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Linkage disequilibrium

In population genetics, linkage disequilibrium is the non-random association of alleles at two or more loci, not necessarily on the same chromosome. It is not the same as linkage, which describes the association of two or more loci on a chromosome with limited recombination between them. Linkage disequilibrium describes a situation in which some combinations of alleles or genetic markers occur more or less frequently in a population than would be expected from a random formation of haplotypes from alleles based on their frequencies. Non-random associations between polymorphisms at different loci are measured by the degree of linkage disequilibrium (LD). A comparison of different measures is provided by Devlin & Risch [1]

Linkage disequilibrium is generally caused by genetic linkage and the rate of recombination; mutation rate; random drift or non-random mating; and population structure. For example, some organisms may show linkage disequilibrium (such as bacteria) because they reproduce asexually and there is no recombination (r=0) to break down the linkage disequilibrium: D'=(1-r)D.

It may be instructive to study genetic equilibrium, and its application in the Hardy-Weinberg principle.

The International HapMap Project enables the study of LD in human populations online. The Ensembl project integrates HapMap data and such from dbSNP in general with other genetic information.


Linkage disequilibrium measure, δ

Formally, if we define pairwise LD, we consider indicator variables on alleles at two loci, say I1,I2. We define the LD parameter δ (delta) as:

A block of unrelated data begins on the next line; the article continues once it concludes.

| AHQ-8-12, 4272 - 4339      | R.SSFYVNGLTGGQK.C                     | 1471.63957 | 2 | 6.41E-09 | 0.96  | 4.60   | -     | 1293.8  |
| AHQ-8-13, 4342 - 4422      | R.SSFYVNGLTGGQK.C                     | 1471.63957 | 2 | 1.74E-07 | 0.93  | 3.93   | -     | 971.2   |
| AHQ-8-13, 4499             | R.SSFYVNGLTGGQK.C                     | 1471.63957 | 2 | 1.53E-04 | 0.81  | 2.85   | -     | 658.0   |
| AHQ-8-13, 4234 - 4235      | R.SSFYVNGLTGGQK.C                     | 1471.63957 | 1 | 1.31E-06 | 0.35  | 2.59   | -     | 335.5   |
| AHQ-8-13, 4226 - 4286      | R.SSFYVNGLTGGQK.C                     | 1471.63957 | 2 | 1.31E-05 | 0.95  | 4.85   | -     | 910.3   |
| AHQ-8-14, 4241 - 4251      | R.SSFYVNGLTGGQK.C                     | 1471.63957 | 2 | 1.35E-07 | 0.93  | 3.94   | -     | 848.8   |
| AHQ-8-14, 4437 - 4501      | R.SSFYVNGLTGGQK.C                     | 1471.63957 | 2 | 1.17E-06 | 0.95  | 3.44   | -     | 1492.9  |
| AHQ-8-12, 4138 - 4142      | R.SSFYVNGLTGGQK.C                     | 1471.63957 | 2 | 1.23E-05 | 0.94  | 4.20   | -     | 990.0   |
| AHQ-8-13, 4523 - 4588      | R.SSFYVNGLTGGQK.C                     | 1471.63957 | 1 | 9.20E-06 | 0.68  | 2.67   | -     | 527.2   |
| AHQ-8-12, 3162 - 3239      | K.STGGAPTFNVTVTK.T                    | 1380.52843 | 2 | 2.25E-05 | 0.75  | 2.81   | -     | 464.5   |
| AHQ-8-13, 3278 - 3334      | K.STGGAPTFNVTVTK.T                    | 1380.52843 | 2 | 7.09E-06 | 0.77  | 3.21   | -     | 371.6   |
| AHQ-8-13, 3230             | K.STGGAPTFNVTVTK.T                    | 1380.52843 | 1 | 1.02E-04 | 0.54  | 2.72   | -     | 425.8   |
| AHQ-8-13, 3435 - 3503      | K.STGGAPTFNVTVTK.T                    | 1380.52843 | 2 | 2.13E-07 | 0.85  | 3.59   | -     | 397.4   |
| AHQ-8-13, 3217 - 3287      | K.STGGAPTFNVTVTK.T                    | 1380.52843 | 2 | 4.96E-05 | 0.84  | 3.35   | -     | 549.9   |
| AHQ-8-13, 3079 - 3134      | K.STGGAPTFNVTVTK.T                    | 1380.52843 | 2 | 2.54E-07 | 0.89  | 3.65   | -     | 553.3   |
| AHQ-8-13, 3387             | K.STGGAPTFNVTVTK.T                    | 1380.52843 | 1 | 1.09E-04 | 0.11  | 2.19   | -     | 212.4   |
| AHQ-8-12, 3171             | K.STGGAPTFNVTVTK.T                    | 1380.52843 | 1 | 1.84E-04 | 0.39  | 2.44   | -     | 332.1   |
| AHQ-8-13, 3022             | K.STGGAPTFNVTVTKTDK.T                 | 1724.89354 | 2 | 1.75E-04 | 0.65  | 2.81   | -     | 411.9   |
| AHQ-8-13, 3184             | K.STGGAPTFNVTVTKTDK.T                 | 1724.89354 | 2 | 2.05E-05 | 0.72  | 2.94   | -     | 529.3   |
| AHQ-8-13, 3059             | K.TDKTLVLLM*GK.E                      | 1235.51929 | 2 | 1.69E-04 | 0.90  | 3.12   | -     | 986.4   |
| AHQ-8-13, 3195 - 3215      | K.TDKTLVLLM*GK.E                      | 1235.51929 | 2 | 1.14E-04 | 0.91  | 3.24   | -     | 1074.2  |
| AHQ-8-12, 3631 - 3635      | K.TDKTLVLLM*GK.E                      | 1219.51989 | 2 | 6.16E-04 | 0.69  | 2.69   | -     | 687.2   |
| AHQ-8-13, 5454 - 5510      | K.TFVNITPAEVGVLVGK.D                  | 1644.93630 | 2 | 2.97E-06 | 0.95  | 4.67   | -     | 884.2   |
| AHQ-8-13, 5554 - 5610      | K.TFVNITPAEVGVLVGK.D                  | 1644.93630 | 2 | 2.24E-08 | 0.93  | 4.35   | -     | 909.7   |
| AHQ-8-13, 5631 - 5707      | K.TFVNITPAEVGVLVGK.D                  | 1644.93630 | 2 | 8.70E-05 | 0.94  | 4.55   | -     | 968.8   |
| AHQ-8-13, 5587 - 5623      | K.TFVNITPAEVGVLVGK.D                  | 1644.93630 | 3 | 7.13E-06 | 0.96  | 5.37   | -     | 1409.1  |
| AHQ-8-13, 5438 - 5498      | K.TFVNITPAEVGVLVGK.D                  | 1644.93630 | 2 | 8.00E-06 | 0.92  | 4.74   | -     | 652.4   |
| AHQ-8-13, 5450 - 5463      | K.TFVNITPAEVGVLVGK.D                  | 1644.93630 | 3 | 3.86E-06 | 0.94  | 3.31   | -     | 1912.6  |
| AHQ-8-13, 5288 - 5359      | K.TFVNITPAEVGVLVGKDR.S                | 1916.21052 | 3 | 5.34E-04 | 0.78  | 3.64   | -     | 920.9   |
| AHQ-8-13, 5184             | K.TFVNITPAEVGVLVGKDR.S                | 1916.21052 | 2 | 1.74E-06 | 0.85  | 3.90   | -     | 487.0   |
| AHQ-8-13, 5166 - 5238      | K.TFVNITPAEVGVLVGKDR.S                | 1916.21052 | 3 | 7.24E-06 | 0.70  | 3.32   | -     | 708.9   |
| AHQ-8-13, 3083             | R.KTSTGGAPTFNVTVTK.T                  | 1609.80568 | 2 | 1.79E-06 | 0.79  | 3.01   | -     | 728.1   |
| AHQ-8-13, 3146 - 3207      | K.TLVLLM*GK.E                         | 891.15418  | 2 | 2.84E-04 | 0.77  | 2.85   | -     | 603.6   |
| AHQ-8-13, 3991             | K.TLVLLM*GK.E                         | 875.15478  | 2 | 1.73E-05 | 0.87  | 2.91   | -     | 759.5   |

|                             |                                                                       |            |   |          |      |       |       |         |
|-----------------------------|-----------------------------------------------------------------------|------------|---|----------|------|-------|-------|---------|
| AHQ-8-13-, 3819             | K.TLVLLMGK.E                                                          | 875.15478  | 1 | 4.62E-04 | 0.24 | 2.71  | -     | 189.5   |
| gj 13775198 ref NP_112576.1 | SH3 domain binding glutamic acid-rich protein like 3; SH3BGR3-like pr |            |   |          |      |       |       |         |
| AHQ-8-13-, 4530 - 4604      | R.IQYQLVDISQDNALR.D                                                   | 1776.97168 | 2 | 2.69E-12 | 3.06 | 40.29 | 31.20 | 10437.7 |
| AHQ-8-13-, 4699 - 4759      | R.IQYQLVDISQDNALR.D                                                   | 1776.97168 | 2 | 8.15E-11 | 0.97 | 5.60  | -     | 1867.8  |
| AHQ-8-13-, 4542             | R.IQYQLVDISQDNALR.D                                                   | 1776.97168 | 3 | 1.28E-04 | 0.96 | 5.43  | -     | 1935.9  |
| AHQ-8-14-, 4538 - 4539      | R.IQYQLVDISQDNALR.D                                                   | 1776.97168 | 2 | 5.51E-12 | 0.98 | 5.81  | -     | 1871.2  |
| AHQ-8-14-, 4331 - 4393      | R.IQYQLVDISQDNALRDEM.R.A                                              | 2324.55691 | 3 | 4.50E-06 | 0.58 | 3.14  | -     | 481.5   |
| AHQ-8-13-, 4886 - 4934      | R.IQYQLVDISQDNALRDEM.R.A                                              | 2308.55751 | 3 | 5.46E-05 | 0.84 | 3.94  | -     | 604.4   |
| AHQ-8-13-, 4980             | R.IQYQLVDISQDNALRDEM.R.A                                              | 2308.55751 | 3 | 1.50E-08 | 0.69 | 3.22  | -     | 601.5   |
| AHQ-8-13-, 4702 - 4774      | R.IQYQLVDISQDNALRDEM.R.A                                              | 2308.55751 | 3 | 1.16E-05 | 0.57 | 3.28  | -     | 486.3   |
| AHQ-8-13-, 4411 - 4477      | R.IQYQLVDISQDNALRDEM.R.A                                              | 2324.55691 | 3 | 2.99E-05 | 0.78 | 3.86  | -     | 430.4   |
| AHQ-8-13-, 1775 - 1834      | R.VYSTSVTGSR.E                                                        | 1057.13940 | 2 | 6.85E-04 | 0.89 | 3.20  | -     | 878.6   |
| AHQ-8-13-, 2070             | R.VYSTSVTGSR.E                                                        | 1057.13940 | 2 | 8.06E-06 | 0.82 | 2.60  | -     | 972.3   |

\delta := \operatorname{cov}(I_1, I_2) = p_1 p_2 - h_{12} = h_{11}h_{22}-h_{12}h_{21}

Here p1,p2 denote the marginal allele frequencies at the two loci and h12 denotes the haplotype frequency in the joint distribution of both alleles. Various derivatives of this parameter have been developed. In the genetic literature the wording "two alleles are in LD" usually means to imply \delta \ne 0. Contrariwise, linkage equilibrium, denotes the case δ = 0.

Linkage disequilibrium measure, D

If inspecting the two loci A and B with two alleles each—a two-locus, two-allele model—the following table denotes the frequencies of each combination:

Haplotype Frequency
A1B1 x11
A1B2 x12
A2B1 x21
A2B2 x22

Note that these are relative frequencies. One can use the above frequencies to determine the frequency of each of the alleles:

A1p1 = x11 + x12
A2p2 = x21 + x22
B1q1 = x11 + x21
B2q2 = x12 + x22

if the two loci and the alleles are independent from each other, then one can express the observation A1B1 as "A1 must be found and B1 must be found". The table above lists the frequencies for A1,p1, and B1,q1, hence the frequency of A1B1, x11, equals according to the rules of elementary statistics x11 = p1 * q1.

A deviation of the observed frequencies from the expected is referred to as the linkage disequilibrium parameter[2], and is commonly denoted by a capital D [3] as defined by: